Coronavirus: Kenya’s risk among Africa’s highest

Kenya has a risk of 0.07 per cent, the highest in East Africa and sixth highest across the continent

In Summary

• Kenya has already installed thermal tests for flu at the Jomo Kenyatta International Airport, which receives at least four flights from China daily. 

• The ministry noted there are 85 Kenyans living in Wuhan who are registered with the embassy in Beijing.

The Jomo Kenyatta International Airport in Nairobi
The Jomo Kenyatta International Airport in Nairobi
Image: FILE

Kenya has Africa's sixth-highest risk of receiving a case of the new coronavirus imported from China. 

The risk is based on the volume of air traffic between Kenya and China, which has reported more than 80 deaths and 2,700 cases of the deadly virus. 

Kenya has a risk of 0.07 per cent, the highest in East Africa and sixth across the continent.


Yesterday, a Kenyan student who arrived from China via Kenya Airways was quarantined at the Kenyatta National Hospital for tests after he exhibited flu symptoms.


South Africa has the highest risk of 0.21 per cent in Africa, according to the new modelling study produced by Northeastern University in the US. 


The results are being used for intervention by organisations around the world, including the Centre for Diseases Control and the Bill and Melinda Gates Foundation. 

Nigeria, Africa's biggest importer of Chinese goods, has the second-highest risk, followed by Ethiopia, Algeria, Morocco and Kenya respectively.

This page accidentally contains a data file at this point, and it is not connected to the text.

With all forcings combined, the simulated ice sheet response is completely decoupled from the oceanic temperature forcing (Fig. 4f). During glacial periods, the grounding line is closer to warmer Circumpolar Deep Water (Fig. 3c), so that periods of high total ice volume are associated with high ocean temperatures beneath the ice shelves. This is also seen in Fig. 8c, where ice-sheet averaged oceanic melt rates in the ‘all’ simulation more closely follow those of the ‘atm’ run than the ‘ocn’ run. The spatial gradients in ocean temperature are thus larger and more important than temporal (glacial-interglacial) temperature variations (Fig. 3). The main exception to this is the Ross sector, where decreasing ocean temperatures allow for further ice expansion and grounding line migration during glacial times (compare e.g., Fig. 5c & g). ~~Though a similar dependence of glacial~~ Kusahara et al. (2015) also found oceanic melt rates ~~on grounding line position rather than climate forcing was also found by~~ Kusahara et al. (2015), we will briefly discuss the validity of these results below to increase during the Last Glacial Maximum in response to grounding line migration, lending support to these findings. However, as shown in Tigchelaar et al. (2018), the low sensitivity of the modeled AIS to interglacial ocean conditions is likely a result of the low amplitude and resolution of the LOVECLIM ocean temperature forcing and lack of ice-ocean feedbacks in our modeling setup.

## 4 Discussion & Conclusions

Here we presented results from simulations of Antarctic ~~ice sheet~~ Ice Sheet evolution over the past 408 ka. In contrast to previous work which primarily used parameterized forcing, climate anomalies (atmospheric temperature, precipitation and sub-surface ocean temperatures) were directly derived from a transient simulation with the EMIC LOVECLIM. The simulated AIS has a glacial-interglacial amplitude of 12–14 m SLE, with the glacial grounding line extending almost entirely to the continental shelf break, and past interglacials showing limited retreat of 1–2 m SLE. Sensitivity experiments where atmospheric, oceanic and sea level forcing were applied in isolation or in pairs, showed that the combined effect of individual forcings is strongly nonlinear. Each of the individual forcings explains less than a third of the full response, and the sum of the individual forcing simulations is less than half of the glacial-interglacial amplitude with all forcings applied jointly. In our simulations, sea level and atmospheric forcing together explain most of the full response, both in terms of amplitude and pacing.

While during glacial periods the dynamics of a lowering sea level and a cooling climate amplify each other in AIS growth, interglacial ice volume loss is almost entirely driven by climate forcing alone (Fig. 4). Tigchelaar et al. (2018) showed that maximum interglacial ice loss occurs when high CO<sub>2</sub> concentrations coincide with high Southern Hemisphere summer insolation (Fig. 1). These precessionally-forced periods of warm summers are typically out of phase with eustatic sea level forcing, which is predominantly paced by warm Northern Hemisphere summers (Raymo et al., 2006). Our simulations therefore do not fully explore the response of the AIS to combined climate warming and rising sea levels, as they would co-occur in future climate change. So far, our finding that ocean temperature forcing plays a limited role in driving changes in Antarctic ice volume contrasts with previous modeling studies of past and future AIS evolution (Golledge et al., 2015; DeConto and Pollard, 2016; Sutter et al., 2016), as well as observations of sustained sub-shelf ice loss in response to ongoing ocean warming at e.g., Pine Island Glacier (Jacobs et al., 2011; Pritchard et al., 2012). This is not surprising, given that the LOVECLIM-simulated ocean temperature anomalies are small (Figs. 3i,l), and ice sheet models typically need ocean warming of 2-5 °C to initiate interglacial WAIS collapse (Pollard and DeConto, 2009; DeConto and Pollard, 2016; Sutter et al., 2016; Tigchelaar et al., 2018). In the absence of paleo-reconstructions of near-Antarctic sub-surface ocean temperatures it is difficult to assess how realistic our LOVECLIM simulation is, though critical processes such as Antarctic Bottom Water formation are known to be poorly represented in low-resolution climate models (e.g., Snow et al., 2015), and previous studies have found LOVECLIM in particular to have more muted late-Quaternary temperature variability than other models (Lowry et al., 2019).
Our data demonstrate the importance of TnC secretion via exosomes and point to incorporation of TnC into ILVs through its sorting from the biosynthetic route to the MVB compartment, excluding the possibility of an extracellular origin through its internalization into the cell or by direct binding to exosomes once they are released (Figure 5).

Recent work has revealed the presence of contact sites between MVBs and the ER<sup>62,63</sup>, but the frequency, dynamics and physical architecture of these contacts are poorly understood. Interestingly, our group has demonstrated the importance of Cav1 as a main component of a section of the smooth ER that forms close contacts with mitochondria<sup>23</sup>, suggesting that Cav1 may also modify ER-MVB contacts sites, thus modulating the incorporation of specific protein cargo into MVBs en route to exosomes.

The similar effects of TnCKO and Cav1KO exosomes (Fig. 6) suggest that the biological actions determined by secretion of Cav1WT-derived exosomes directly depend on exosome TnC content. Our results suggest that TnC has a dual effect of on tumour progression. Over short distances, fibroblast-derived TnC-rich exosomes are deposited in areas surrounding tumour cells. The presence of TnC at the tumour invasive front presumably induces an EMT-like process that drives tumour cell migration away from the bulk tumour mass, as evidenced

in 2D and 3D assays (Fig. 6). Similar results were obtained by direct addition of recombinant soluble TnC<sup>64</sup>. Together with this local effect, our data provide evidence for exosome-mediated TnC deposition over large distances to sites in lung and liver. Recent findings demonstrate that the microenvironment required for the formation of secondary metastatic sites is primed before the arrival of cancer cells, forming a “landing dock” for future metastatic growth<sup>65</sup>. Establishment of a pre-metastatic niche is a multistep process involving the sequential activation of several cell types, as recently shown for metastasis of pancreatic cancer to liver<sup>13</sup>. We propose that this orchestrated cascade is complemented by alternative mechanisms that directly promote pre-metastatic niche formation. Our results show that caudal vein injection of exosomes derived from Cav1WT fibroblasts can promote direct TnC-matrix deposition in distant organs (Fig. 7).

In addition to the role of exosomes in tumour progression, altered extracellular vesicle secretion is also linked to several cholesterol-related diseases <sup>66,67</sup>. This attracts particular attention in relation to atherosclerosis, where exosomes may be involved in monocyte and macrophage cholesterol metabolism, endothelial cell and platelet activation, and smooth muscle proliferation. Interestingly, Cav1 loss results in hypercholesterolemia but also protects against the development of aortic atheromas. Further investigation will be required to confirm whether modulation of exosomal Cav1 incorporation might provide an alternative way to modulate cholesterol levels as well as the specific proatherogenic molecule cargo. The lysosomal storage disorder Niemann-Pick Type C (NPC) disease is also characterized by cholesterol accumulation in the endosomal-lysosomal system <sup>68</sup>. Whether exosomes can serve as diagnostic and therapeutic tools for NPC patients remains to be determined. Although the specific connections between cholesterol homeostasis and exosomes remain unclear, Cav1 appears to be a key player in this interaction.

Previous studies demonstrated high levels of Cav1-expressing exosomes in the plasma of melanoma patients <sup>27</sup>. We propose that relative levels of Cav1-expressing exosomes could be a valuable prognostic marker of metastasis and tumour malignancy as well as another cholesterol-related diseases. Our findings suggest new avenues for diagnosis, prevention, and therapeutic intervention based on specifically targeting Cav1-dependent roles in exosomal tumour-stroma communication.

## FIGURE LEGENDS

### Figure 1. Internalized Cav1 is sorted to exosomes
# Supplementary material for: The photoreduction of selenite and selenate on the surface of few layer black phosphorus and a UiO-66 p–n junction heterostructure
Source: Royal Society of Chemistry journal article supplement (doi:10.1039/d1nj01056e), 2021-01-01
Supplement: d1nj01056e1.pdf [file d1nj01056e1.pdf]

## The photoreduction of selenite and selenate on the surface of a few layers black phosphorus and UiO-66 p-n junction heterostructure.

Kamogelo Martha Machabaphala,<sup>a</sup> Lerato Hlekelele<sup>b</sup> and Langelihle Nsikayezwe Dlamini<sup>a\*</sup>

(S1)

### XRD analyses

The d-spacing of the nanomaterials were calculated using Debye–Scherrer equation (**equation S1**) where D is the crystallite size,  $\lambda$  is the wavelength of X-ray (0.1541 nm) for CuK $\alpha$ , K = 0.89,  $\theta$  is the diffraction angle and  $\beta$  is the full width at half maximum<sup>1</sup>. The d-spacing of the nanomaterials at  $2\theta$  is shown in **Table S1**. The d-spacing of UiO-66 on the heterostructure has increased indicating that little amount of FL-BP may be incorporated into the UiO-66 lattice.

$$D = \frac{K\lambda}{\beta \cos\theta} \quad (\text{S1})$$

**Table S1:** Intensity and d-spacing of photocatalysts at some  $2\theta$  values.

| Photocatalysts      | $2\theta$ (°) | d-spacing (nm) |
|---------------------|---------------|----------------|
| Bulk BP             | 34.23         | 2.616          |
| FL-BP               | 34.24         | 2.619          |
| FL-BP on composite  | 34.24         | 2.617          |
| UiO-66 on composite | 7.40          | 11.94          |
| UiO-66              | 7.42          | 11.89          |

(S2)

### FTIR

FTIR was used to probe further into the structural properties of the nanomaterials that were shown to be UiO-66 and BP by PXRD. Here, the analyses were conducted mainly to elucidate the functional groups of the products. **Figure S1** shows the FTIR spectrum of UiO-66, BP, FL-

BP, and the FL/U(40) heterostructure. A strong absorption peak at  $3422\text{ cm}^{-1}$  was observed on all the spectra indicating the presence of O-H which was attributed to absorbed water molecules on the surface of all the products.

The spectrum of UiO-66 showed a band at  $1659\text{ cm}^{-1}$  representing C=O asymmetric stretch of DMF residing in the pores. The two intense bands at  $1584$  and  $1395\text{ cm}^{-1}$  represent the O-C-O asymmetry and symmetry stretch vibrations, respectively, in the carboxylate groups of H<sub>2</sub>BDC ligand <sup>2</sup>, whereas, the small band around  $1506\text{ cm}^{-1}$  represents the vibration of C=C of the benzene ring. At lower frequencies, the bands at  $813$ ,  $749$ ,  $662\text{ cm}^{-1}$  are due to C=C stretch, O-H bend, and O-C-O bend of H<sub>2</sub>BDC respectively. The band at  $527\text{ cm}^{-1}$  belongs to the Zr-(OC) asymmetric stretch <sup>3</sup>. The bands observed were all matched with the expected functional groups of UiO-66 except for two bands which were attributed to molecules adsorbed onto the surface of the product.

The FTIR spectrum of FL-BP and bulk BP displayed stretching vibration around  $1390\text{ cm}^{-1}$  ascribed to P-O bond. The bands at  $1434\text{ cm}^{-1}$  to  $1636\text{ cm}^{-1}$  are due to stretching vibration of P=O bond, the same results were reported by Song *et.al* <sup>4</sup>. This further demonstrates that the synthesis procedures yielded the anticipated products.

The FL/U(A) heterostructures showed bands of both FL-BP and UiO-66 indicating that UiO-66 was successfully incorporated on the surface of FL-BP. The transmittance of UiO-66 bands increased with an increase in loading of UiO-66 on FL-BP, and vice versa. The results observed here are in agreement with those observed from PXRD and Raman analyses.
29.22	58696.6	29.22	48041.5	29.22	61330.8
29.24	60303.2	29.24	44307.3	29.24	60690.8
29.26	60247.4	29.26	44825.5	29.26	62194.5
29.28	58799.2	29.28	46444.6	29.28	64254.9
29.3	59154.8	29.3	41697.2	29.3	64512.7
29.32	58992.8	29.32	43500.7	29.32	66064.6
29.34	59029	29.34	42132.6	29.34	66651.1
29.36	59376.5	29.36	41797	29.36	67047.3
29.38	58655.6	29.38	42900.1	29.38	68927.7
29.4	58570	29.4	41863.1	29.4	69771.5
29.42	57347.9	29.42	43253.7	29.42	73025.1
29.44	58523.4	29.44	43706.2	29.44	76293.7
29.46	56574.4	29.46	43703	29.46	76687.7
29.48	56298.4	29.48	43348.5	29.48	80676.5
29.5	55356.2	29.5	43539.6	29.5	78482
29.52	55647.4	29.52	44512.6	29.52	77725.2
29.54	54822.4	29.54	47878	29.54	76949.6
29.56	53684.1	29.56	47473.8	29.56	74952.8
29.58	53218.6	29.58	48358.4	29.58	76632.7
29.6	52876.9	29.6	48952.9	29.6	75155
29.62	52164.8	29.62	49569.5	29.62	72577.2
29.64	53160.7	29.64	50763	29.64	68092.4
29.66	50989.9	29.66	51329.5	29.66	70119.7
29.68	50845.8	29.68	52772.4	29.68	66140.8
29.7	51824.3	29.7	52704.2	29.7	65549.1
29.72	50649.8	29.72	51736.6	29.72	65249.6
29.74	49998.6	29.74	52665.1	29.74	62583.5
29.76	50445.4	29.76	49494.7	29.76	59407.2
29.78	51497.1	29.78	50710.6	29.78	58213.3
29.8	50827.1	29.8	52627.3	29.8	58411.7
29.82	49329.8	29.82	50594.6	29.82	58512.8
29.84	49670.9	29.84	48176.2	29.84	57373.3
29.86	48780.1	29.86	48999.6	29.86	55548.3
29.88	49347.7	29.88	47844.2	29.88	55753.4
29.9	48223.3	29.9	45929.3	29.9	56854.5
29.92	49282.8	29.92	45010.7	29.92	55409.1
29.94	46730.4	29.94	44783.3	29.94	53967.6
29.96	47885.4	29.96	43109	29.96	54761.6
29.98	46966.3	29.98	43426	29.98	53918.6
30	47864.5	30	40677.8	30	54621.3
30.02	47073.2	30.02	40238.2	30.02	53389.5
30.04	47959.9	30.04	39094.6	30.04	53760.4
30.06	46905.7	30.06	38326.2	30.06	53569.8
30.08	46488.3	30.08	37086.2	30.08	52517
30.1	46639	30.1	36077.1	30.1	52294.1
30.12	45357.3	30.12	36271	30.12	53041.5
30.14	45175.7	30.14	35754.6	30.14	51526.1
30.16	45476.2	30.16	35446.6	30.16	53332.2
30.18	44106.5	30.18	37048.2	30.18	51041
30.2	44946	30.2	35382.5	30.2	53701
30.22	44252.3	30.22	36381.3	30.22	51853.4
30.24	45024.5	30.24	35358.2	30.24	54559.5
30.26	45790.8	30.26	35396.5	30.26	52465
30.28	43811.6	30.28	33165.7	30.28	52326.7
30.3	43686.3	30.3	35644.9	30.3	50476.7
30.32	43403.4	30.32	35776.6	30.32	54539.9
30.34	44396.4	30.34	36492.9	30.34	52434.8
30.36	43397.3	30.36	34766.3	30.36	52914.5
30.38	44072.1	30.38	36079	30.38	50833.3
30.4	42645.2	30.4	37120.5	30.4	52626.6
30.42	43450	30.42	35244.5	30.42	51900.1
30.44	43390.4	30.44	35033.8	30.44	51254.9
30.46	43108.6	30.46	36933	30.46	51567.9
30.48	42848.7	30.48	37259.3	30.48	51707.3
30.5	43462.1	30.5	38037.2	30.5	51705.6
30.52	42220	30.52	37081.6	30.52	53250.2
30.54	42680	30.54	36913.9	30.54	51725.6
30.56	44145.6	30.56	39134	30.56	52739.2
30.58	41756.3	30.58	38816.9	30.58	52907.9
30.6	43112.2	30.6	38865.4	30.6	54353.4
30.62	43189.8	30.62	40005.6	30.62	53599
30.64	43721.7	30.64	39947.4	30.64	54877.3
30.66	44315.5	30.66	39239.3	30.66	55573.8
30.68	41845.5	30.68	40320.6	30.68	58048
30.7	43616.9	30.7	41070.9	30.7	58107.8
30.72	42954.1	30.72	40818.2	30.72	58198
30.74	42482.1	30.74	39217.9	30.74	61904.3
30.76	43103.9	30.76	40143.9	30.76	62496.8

The highest risk in the world is in Indonesia and Philipines at 3.3 per cent. Countries that have already reported infections were not ranked.

Kenya has already installed thermal tests for flu at the Jomo Kenyatta International Airport, which receives at least four flights from China daily. 

"We have 60 trained and sensitised health officials to detect and handle related cases," Health CS Sicily Kariuki said.


"Our hospitals are well equipped and ready to handle this virus,” she added.



Most models show that the spread of an epidemic is an exponential curve where the patient zero gets the flu, spreads it to two people, who spread it to two additional people, and so on.

The curve only begins to level off when so many people are sick that it becomes difficult to find healthy people to cough on.

But the new modelling by Northeastern’s Laboratory for the Modelling of Biological and Socio-technical Systems uses more variables to determine the risk for Kenya and other African countries.

Accordingly, the Ministry of Foreign Affairs has urged Kenyans to avoid non-essential travel to the coronavirus-hit Chinese city of Wuhan until the situation there is contained.

“Those on essential travels must comply with additional screening measures that have been put in place by the authorities,” the ministry said in an advisory on Monday.

The ministry noted there are 85 Kenyans living in Wuhan who are registered with the embassy in Beijing.

“All Kenyans in Wuhan and in China, in general, should endeavour to immediately contact the Kenya Embassy in Beijing for advice and consular assistance as appropriate. Those who may exhibit symptoms of the virus have been advised to report to the nearest hospital without delay,” the ministry said.

Scientists across the world are currently working together to understand the new coronavirus and how to develop a response, but much remains unknown.

The new strain, identified by Chinese authorities on January 7 and currently named 2019-nCoV, had not been previously identified in humans.